Zhou Xiaochuan, governor of the People’s Bank of China, said in mid- February that China’s exchange-rate mechanism would be revised this year. Zhou indicated that the yuan’s level on currency markets would be made more flexible, ending its rigid peg to the US dollar.
China’s chief central banker made his comments at a committee meeting at which the country’s monetary policy for 2004 was decided. Analysts say the fact that the official Xinhua news agency reported his comments gave them special credence.
Meanwhile, as Global Finance was going to press, China agreed to receive a delegation of US Treasury officials to discuss how China could reform its foreign exchange system, making good on a promise last year to John Snow, US Treasury secretary. While China does not want to be seen as bowing to foreign pressure to revalue the yuan, analysts say it does want to avoid further trade friction with the US and to gain better control over its own money supply. The central bank announced a series of measures to slow bank credit and reform the debt-laden banking system in preparation for an eventual change in the exchange-rate mechanism. Zhou also said China would make it easier for its companies to acquire dollars in exchange for yuan to invest abroad.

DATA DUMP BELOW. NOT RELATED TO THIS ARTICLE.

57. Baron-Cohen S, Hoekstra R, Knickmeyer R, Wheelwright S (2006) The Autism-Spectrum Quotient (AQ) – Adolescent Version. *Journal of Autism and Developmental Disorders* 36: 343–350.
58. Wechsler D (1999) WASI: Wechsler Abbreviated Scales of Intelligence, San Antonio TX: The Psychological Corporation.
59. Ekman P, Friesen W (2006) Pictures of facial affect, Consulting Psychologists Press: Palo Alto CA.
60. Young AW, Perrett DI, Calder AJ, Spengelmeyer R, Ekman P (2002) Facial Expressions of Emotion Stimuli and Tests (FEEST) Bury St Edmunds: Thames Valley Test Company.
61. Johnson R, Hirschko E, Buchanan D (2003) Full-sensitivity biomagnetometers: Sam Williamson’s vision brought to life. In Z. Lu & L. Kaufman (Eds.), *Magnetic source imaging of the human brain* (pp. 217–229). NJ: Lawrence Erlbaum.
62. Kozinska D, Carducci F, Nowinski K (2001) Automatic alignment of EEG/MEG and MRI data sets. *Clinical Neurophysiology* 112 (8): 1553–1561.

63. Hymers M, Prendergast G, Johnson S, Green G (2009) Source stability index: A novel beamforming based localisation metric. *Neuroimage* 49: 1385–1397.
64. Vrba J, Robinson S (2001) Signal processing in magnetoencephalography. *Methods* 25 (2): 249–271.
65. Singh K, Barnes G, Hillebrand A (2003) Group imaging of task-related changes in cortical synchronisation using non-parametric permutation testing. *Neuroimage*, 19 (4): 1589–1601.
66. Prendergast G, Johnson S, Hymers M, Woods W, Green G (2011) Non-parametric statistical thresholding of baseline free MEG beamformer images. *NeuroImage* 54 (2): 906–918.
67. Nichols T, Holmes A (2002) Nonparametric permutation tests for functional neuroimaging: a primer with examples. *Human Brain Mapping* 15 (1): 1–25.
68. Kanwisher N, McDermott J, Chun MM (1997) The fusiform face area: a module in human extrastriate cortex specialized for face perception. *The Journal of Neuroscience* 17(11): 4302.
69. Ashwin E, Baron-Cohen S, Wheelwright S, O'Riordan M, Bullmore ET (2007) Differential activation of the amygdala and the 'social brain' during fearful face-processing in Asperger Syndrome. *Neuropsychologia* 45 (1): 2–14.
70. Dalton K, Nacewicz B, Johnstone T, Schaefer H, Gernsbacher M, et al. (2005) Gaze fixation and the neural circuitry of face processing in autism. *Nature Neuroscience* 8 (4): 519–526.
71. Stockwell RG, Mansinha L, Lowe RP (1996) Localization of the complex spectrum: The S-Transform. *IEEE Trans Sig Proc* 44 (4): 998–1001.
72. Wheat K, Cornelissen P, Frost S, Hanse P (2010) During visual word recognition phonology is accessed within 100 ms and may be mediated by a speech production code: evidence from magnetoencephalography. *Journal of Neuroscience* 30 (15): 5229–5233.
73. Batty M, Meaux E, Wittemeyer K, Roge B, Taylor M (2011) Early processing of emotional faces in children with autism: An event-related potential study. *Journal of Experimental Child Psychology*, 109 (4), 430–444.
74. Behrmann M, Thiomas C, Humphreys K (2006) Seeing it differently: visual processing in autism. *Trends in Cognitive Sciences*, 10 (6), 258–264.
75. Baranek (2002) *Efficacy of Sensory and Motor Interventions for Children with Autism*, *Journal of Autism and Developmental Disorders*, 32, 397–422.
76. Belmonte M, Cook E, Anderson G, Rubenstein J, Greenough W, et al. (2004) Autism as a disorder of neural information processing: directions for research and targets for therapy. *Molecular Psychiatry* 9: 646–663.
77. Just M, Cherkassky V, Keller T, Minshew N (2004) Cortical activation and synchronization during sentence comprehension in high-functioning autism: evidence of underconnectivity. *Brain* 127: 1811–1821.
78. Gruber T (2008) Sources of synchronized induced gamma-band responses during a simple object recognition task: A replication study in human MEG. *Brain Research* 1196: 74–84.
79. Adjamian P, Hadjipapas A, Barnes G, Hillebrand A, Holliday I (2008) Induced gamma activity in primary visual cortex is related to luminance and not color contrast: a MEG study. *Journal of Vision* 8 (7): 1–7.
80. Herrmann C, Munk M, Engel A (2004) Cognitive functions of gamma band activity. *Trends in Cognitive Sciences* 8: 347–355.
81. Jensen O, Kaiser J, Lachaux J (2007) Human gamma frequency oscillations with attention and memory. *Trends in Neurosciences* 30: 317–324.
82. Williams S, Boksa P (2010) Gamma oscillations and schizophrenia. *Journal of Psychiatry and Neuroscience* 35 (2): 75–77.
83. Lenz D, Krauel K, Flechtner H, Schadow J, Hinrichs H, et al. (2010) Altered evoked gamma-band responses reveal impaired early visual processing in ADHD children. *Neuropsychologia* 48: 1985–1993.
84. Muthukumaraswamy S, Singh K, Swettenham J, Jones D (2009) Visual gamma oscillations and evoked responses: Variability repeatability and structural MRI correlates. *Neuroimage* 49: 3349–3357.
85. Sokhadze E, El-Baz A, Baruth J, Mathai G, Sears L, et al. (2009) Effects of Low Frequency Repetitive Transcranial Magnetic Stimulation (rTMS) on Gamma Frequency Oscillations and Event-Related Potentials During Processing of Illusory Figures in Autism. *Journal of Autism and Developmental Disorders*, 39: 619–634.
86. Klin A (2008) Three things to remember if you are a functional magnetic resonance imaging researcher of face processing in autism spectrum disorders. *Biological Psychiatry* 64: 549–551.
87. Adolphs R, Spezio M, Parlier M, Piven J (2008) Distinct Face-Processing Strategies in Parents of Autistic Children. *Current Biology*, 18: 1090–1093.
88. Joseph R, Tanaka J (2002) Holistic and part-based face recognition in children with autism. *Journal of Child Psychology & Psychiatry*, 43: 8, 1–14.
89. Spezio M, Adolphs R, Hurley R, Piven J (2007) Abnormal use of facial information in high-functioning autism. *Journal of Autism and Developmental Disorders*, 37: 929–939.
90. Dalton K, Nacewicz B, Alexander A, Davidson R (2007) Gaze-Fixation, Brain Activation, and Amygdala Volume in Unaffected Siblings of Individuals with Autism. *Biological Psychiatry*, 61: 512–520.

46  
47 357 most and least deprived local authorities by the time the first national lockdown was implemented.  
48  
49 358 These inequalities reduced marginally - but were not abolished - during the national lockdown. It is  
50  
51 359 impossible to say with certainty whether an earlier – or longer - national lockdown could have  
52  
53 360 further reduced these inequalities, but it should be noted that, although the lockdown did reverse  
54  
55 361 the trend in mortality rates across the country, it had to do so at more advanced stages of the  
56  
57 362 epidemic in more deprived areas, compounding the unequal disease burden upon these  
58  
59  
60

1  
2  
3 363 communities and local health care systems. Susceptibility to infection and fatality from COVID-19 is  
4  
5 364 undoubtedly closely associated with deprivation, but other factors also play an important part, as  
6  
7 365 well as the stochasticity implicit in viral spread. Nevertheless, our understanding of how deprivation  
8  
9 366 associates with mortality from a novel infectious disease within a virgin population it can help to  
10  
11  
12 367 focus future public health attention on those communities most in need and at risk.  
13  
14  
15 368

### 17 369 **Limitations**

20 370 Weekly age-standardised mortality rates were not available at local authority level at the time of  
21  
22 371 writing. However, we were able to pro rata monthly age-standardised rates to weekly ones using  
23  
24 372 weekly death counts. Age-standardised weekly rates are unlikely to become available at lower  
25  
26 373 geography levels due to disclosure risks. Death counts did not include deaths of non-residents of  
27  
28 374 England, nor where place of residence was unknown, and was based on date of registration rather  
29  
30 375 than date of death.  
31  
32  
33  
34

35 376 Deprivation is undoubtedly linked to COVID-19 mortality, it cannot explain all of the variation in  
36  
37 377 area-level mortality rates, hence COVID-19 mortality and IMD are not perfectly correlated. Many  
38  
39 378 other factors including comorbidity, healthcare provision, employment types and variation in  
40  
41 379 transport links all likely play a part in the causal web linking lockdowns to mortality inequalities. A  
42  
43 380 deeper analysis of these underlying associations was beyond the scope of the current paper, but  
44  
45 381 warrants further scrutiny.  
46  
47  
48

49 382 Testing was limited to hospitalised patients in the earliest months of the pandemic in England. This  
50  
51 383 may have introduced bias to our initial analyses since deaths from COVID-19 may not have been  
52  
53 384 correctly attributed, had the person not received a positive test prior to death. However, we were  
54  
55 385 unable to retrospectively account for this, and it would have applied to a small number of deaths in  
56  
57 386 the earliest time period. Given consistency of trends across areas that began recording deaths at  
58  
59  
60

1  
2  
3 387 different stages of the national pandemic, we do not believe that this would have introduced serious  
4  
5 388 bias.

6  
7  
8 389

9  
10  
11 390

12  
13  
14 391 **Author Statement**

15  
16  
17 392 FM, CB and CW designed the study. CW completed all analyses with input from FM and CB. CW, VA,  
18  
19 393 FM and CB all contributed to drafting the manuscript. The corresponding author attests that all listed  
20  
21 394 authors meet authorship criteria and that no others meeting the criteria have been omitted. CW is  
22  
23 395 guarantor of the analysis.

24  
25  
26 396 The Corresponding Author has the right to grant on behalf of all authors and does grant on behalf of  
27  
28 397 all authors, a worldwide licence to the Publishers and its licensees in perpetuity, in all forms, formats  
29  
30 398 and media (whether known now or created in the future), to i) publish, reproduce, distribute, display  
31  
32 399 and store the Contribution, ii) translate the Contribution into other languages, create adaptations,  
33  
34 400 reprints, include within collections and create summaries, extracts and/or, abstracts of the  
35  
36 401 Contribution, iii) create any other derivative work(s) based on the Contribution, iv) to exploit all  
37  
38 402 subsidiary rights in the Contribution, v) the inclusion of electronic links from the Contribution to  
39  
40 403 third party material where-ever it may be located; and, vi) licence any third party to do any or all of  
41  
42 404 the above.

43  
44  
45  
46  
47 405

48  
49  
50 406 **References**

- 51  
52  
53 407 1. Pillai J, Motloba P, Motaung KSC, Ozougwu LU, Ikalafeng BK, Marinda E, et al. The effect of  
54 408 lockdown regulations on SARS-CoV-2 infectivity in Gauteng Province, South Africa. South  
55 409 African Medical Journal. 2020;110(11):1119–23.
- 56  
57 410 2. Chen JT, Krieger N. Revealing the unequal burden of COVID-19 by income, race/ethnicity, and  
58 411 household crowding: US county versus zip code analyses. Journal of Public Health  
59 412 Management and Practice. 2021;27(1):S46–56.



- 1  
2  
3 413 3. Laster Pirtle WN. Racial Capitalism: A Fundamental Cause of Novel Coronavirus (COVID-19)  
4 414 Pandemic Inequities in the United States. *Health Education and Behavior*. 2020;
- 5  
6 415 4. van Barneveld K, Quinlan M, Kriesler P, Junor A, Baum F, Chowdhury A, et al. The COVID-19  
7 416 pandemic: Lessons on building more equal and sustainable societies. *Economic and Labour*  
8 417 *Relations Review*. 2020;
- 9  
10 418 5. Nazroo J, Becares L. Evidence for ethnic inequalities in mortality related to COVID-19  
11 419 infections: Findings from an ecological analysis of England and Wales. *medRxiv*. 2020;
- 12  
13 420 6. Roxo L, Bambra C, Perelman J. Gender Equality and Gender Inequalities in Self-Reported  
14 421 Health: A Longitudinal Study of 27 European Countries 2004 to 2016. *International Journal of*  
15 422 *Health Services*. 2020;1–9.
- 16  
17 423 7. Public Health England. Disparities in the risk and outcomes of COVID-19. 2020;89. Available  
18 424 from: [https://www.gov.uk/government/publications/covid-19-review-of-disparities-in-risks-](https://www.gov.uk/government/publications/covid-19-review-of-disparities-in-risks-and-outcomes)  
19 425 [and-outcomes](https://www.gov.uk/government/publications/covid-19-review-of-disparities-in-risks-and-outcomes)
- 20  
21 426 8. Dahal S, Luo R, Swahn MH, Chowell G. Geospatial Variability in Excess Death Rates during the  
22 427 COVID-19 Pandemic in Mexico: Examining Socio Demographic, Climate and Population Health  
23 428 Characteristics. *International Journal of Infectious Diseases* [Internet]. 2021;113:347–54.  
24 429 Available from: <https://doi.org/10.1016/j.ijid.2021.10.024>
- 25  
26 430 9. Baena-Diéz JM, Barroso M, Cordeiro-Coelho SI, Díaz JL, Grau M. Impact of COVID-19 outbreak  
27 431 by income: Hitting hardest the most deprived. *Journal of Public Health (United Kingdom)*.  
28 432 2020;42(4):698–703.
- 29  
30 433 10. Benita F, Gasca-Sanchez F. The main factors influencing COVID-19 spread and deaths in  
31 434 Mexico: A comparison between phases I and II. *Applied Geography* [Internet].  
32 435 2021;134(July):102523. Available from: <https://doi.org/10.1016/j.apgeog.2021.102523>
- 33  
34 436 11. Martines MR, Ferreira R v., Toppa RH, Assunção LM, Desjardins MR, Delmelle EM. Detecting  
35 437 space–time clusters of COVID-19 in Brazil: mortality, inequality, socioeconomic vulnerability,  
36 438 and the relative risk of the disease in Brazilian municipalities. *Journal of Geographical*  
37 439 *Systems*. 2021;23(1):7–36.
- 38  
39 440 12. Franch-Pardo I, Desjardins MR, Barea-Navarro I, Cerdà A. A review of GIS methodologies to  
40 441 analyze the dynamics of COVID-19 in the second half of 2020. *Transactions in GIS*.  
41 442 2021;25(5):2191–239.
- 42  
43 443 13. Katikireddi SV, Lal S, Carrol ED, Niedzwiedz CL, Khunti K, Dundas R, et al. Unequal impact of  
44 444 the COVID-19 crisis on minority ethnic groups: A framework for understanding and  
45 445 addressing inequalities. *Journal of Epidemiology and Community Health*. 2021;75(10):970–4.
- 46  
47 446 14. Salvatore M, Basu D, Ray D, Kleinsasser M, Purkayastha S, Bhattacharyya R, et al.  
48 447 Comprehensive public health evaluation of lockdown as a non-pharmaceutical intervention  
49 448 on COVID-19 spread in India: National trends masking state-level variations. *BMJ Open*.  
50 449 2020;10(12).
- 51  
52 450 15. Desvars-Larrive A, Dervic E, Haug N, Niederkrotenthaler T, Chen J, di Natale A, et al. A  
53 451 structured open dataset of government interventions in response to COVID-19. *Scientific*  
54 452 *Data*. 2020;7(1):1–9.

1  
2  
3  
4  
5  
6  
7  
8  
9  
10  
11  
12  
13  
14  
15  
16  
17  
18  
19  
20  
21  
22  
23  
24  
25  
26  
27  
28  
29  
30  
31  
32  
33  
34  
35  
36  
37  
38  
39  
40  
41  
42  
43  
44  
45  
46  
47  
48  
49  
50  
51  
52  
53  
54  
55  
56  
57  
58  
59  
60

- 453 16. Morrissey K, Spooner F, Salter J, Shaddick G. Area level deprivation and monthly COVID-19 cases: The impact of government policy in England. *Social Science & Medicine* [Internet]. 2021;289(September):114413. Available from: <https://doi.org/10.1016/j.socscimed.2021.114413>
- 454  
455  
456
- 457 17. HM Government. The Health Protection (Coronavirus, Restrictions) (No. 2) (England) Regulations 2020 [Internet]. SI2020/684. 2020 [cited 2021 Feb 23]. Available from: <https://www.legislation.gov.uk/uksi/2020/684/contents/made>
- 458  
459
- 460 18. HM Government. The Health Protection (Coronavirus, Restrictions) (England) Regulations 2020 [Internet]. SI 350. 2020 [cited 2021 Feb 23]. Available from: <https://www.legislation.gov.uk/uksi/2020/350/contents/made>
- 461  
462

Chinese officials were quick to deny a report in the semi-official China Business Post that the country was preparing to allow a 5% revaluation of the yuan against the dollar this month, but analysts believe China is getting ready to loosen its currency peg later this year. They note that Zhou’s remarks were the first to offer any timetable for reform other than “eventually” or “in a relatively long time,” as he has said previously.